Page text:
I used to live next to the Smokeys, now live near Yellowstone & The Tetons and enjoy going up to Glacier. I love shooting wildlife in the National Parks but still don’t get the same excitement photographing an animal in a park as I do out in the sticks. It still takes skill and persistence to get good photos and see the best wildlife in a national park (unless we’re talking Mountain Goats at Glacier). I don’t know, maybe it’s all the other people, more likely just the large majority of people who go to a big box retail store buy an expensive camera, go to Yellowstone take a few pictures and call themselves a photographer. Continue reading »

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Vacation 2009: Stanley

I'm Back: aka self portrait at Goat Falls

Self Portrait of me standing under Goat Falls

I’m not sure a photographer ever gets a real vacation.  If we do… this “vacation” was the closest I’ve come to a “real vacation” in a long time. Being half photographer half computer guy, I didn’t do any computer work while I was gone, so at least that half of me had a real vacation. Don’t get me wrong, it was a vacation, there were days where I could have fit the photos I took on one roll of 35mm. Other days were centered around photography and filled my largest memory card. My camera was never more than a few feet from me, ending up with over 1500 photos. Joy and I met my parents in the Stanley, Idaho basin for a week camping trip. Well, it was supposed to be a week, but we got there a few days early and left a day later clocking in at 10 nights in camp. The morning we left we were pulling out of camp and we both decided that it had been a good trip, but we were ready to go home; that is, for me, what made it a great vacation. I was actually ready to go home. We had an amazing trip though, I hiked thirty two miles of trails in the Sawtooth Wilderness plus a bit of bushwhacking here and there for large rocks and waterfalls. Hiking destinations in the Sawtooth wilderness included the breathtaking Sawtooth Lake and Goat Falls a spectacular (cold) 300 foot waterfall. (pictured).

In addition to hiking in the sawtooth wilderness, I also spent time in my old stomping grounds of the Frank Church River of No Return Wilderness; Dad and I caught a bunch of fish on the Middle Fork of the Salmon River. I also took everyone up to the headwaters of the Salmon River where puppy could jump across the river.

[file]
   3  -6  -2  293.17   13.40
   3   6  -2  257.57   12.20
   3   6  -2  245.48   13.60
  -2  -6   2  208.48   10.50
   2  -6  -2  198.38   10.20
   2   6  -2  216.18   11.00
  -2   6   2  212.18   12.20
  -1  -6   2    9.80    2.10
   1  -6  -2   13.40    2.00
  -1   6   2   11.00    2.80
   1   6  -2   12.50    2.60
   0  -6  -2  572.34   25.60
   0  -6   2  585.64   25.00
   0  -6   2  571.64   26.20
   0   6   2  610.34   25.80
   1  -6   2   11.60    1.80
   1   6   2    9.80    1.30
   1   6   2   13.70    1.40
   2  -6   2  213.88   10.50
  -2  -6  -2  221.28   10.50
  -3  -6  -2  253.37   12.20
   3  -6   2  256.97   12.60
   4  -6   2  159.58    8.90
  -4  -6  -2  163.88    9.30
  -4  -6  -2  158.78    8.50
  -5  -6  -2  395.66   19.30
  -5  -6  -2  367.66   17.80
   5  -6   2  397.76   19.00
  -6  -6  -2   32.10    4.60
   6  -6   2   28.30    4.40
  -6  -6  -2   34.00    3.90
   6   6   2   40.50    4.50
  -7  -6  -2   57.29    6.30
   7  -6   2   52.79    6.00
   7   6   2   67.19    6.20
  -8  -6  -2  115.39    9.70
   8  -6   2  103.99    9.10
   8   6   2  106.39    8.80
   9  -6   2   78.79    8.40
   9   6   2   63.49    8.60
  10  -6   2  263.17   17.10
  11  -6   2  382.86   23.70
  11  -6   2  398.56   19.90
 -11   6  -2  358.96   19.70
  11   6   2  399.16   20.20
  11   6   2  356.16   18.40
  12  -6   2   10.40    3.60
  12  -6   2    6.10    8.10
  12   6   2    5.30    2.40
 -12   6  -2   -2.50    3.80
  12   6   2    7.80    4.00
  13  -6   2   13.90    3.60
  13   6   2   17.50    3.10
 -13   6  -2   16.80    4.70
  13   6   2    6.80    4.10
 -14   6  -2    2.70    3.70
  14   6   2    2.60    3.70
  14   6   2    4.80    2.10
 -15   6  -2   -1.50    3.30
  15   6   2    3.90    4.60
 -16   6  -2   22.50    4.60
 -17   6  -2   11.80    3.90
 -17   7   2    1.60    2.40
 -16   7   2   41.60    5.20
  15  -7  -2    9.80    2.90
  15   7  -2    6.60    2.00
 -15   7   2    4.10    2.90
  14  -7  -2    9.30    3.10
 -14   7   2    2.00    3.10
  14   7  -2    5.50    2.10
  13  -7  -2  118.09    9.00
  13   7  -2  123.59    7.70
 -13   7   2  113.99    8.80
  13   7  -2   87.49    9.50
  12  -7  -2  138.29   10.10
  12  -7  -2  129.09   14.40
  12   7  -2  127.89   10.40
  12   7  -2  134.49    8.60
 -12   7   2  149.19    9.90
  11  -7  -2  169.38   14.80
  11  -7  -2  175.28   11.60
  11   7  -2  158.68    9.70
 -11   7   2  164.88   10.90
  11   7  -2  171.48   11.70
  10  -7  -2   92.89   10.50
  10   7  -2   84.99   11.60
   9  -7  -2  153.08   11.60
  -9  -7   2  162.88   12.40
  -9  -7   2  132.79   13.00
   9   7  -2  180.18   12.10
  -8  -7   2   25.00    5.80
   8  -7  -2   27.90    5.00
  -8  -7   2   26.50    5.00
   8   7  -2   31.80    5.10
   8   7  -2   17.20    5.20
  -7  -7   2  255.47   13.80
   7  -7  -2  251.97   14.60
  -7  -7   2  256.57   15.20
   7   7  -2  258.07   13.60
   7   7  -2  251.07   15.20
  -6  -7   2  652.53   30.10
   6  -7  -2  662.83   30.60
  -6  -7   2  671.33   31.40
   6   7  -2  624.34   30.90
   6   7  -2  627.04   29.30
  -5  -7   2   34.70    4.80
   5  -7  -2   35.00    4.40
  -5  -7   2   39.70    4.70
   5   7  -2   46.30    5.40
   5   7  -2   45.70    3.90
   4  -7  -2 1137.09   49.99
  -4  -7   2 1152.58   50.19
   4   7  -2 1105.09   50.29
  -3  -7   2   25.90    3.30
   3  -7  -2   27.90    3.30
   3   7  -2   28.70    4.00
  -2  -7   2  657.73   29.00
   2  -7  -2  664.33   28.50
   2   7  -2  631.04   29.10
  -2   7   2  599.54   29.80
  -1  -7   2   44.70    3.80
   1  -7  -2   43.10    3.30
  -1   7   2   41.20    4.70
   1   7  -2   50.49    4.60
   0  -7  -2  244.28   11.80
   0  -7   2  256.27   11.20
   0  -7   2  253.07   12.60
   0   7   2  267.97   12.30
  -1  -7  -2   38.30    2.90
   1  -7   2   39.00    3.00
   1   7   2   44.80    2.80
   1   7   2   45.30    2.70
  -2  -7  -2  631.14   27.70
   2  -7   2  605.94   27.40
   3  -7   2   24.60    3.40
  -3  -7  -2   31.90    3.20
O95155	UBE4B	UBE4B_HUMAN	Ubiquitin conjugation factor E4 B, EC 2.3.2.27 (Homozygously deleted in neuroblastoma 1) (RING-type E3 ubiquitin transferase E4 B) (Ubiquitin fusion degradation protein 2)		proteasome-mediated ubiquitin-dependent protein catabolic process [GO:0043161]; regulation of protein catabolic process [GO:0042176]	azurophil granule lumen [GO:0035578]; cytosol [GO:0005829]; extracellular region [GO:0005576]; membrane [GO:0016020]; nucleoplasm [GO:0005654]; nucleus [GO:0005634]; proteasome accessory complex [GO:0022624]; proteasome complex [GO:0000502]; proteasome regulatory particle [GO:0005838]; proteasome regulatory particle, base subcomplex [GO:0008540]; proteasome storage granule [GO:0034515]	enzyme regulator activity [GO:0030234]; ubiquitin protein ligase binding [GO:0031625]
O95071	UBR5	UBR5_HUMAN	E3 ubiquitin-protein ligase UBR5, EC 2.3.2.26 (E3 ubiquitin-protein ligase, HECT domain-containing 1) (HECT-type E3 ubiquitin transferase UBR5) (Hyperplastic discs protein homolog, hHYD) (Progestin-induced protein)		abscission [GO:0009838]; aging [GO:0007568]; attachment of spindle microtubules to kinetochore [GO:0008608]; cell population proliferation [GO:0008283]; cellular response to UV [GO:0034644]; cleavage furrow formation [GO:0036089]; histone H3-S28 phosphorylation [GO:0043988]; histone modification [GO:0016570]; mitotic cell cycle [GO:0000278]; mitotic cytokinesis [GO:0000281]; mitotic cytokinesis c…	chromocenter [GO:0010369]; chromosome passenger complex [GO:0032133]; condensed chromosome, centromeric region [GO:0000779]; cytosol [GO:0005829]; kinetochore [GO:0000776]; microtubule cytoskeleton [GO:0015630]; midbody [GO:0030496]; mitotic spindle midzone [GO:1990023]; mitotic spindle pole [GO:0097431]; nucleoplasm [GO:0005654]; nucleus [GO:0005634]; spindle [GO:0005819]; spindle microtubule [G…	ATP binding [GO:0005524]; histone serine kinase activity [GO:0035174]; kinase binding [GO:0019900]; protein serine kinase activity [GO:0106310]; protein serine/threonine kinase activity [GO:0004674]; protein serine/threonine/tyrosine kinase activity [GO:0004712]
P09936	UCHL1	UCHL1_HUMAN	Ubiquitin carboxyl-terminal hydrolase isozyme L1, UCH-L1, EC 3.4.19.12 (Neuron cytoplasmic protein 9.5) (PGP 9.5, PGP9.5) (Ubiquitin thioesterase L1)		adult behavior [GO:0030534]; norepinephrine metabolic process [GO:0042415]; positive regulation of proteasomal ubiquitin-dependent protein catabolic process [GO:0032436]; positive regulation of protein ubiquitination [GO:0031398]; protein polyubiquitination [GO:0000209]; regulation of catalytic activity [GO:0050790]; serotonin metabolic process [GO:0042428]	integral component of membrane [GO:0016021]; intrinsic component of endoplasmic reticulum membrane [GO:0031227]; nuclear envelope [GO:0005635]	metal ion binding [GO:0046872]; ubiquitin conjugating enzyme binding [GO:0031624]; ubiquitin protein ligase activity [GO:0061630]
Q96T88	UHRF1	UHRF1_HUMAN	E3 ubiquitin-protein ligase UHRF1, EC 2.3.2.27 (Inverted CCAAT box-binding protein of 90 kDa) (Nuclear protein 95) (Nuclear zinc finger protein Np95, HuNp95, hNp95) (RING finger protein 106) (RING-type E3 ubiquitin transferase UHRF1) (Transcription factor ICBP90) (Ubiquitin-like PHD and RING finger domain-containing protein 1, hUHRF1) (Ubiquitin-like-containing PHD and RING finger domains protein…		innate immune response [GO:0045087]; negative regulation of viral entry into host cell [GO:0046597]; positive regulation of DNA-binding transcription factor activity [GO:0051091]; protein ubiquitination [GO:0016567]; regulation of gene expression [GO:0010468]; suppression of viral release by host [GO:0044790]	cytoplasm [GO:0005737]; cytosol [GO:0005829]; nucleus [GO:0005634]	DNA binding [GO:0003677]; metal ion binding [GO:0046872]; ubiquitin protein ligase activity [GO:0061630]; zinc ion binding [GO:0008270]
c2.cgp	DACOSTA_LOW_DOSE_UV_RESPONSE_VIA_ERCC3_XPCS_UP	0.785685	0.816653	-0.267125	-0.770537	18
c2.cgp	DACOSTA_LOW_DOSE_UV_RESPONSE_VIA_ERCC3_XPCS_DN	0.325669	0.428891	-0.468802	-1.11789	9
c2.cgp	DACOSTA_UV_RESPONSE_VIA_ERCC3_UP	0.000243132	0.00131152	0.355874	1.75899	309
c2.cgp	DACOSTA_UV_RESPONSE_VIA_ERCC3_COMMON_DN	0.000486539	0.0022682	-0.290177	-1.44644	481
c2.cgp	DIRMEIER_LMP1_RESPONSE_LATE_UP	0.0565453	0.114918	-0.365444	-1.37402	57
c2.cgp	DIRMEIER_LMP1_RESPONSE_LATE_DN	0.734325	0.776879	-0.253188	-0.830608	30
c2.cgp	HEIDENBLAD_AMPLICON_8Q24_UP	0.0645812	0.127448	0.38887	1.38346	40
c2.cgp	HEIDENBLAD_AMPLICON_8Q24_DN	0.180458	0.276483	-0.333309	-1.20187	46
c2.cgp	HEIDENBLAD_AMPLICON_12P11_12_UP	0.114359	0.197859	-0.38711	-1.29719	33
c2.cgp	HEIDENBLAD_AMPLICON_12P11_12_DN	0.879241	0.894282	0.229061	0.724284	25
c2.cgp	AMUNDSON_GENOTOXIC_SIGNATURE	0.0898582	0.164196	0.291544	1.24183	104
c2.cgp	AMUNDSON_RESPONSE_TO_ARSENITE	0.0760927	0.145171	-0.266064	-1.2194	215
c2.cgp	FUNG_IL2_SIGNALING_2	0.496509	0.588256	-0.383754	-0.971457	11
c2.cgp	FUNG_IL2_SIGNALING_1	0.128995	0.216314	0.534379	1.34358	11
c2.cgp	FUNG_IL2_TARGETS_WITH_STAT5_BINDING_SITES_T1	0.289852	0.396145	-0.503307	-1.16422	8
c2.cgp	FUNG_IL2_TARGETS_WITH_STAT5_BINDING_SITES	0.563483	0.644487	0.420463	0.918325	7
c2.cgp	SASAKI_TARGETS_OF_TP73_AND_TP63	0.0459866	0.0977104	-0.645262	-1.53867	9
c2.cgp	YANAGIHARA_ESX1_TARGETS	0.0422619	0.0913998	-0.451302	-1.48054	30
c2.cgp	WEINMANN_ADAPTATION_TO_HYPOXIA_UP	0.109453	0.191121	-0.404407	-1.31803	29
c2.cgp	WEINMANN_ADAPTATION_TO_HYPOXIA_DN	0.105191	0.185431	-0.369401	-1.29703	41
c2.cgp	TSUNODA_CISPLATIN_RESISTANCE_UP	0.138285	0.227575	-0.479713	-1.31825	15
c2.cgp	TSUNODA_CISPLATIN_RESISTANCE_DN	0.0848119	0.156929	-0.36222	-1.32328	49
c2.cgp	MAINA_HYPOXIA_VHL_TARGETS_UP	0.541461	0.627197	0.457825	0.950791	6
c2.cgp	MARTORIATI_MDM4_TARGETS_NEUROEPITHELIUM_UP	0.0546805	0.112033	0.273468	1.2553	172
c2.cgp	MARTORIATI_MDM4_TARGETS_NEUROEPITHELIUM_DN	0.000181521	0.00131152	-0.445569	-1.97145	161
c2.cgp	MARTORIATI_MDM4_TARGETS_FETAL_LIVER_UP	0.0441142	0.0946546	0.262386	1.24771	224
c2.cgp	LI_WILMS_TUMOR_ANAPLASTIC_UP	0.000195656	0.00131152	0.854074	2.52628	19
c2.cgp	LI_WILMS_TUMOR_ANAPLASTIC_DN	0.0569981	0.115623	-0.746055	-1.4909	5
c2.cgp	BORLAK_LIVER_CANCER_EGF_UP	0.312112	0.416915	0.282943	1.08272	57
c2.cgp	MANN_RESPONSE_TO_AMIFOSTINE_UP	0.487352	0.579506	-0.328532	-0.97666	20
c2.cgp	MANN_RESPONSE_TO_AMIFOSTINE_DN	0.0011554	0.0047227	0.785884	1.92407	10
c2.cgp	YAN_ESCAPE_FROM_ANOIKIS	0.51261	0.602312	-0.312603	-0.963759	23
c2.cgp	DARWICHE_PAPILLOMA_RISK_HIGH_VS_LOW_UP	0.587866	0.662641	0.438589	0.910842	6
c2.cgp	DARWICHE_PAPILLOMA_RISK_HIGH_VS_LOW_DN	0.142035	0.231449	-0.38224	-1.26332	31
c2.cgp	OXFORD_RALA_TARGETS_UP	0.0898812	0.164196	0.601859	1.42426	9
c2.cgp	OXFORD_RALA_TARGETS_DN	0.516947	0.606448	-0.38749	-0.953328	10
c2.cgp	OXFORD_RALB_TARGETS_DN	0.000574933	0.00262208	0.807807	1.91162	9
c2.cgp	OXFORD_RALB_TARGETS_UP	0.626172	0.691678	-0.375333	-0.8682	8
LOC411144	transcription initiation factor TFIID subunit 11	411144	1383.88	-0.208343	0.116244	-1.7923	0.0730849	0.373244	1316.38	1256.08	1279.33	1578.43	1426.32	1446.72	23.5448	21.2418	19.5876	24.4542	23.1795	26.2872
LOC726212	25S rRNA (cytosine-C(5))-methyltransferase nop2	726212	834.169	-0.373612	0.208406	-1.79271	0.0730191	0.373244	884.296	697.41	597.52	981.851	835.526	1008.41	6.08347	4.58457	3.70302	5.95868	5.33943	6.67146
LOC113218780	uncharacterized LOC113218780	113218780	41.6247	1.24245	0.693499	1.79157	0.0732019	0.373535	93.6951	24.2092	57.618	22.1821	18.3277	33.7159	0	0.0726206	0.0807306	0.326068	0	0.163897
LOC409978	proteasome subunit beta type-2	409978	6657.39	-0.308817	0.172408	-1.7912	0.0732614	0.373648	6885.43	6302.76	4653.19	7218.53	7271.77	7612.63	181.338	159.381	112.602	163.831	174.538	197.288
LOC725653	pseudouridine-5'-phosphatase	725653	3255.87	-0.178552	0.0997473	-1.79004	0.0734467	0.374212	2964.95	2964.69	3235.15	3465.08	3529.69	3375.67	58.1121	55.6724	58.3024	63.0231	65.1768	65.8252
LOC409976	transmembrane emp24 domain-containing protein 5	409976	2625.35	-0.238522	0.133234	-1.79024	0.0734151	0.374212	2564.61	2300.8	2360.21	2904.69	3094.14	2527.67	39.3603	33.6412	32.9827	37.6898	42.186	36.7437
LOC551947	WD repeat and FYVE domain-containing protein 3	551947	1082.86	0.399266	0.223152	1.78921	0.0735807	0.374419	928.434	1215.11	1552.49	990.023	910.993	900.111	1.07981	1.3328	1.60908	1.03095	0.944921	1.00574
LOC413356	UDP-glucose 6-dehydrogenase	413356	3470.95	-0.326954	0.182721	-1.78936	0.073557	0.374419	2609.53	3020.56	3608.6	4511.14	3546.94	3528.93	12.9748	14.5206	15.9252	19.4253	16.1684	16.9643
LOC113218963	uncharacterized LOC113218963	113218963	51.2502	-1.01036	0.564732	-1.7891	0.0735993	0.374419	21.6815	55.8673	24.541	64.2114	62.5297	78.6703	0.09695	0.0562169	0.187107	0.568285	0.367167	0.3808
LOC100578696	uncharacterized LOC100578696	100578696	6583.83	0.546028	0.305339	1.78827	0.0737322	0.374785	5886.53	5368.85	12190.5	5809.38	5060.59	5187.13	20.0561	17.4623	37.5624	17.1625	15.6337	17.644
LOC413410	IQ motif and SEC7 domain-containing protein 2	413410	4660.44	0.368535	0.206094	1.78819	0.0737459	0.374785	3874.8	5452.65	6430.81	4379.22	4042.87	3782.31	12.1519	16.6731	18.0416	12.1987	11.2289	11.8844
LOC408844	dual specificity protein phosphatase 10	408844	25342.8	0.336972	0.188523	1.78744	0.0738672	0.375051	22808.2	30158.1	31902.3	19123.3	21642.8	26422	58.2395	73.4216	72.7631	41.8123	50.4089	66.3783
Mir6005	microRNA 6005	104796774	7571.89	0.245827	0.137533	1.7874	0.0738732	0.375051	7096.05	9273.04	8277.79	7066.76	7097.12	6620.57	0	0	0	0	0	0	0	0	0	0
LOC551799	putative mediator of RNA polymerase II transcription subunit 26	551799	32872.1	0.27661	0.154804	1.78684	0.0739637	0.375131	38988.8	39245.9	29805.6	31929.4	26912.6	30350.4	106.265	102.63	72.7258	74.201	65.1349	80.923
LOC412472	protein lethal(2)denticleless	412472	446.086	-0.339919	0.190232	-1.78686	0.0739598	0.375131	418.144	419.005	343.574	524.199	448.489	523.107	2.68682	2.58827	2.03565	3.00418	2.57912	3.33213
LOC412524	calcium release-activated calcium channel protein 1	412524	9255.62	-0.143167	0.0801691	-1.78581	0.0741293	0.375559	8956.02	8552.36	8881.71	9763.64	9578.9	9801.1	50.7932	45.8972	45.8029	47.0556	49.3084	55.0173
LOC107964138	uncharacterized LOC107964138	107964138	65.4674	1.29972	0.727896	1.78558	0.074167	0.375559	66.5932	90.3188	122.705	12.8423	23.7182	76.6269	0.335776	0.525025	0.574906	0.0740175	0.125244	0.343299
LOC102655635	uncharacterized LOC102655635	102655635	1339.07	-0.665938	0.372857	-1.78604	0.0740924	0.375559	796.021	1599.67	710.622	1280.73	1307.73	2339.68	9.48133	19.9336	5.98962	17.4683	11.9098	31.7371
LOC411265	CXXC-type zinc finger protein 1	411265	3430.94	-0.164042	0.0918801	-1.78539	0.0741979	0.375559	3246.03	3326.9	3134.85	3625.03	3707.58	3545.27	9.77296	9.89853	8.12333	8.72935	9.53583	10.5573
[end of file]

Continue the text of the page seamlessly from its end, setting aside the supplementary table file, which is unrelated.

I got most of my photo todo list done. There was one shot that I really wanted to get but the stars weren’t in alignment. Or rather the moon wasn’t. Many of you have seen some of my star trail photography. I scouted the place for my next major star trail photo, but the moon wasn’t cooperating within the time frame I had. I’ll be running the night sky simulator to find a couple days and times when I can travel back up to Stanley to take this three hour photo. The window is very tight and the weather will have to be perfect, and I have two months to take the picture or wait another year. hmmm.

The above photo was a self portrait of me at goat falls. I love waterfalls! nothing I’d rather photograph….   The perspective doesn’t do it justice as this was setup for the self port; Goat Falls is an amazing place, this torrent of water makes a 300′ fall from the top of the photo to my feet then continues on an amazing cascade down to the valley below.

This was the last of my hiking destinations in the sawtooth wilderness. One leg of the tripod was on a rock, the other two in a pool of water. Joy would have taken the photo except she was on a rock a couple hundred feet down the hill reading a book to the dog. Shortly before we got married her and I were climbing on a waterfall in Lemhi County near the Salmon River. She fell 90% of the way down it (30-40 feet). I thought she was seriously injured. We were ten minutes from radio coverage. An hour drive to the nearest paved road; another half hour to the clinic. Or lifeflight an hour to a real hospital. She wasn’t as badly injured as I thought, so we ended up not taking the helicopter ride that day, instead we bandaged her up, gave her some pain medication and made it back to town in record time to have my mom (a nurse) check her out. Nothing broken, major bruising, serious pain for a few days and some scars left, but we laugh at it now. Oh, but she’s banned from waterfalls.

Anyways, we got an daylight early start for this hike but it was still amazingly hot. So I was happy to pull the waterproof cover over the camera backpack and spend some time getting soaked.

It’s back to the real world now. I have 1500 more photos in my queue to go through and post process. I have a todo list a mile long from the next trip and I’m further behind everything I was behind on before we left. It was an amazing trip; I’m glad to be home.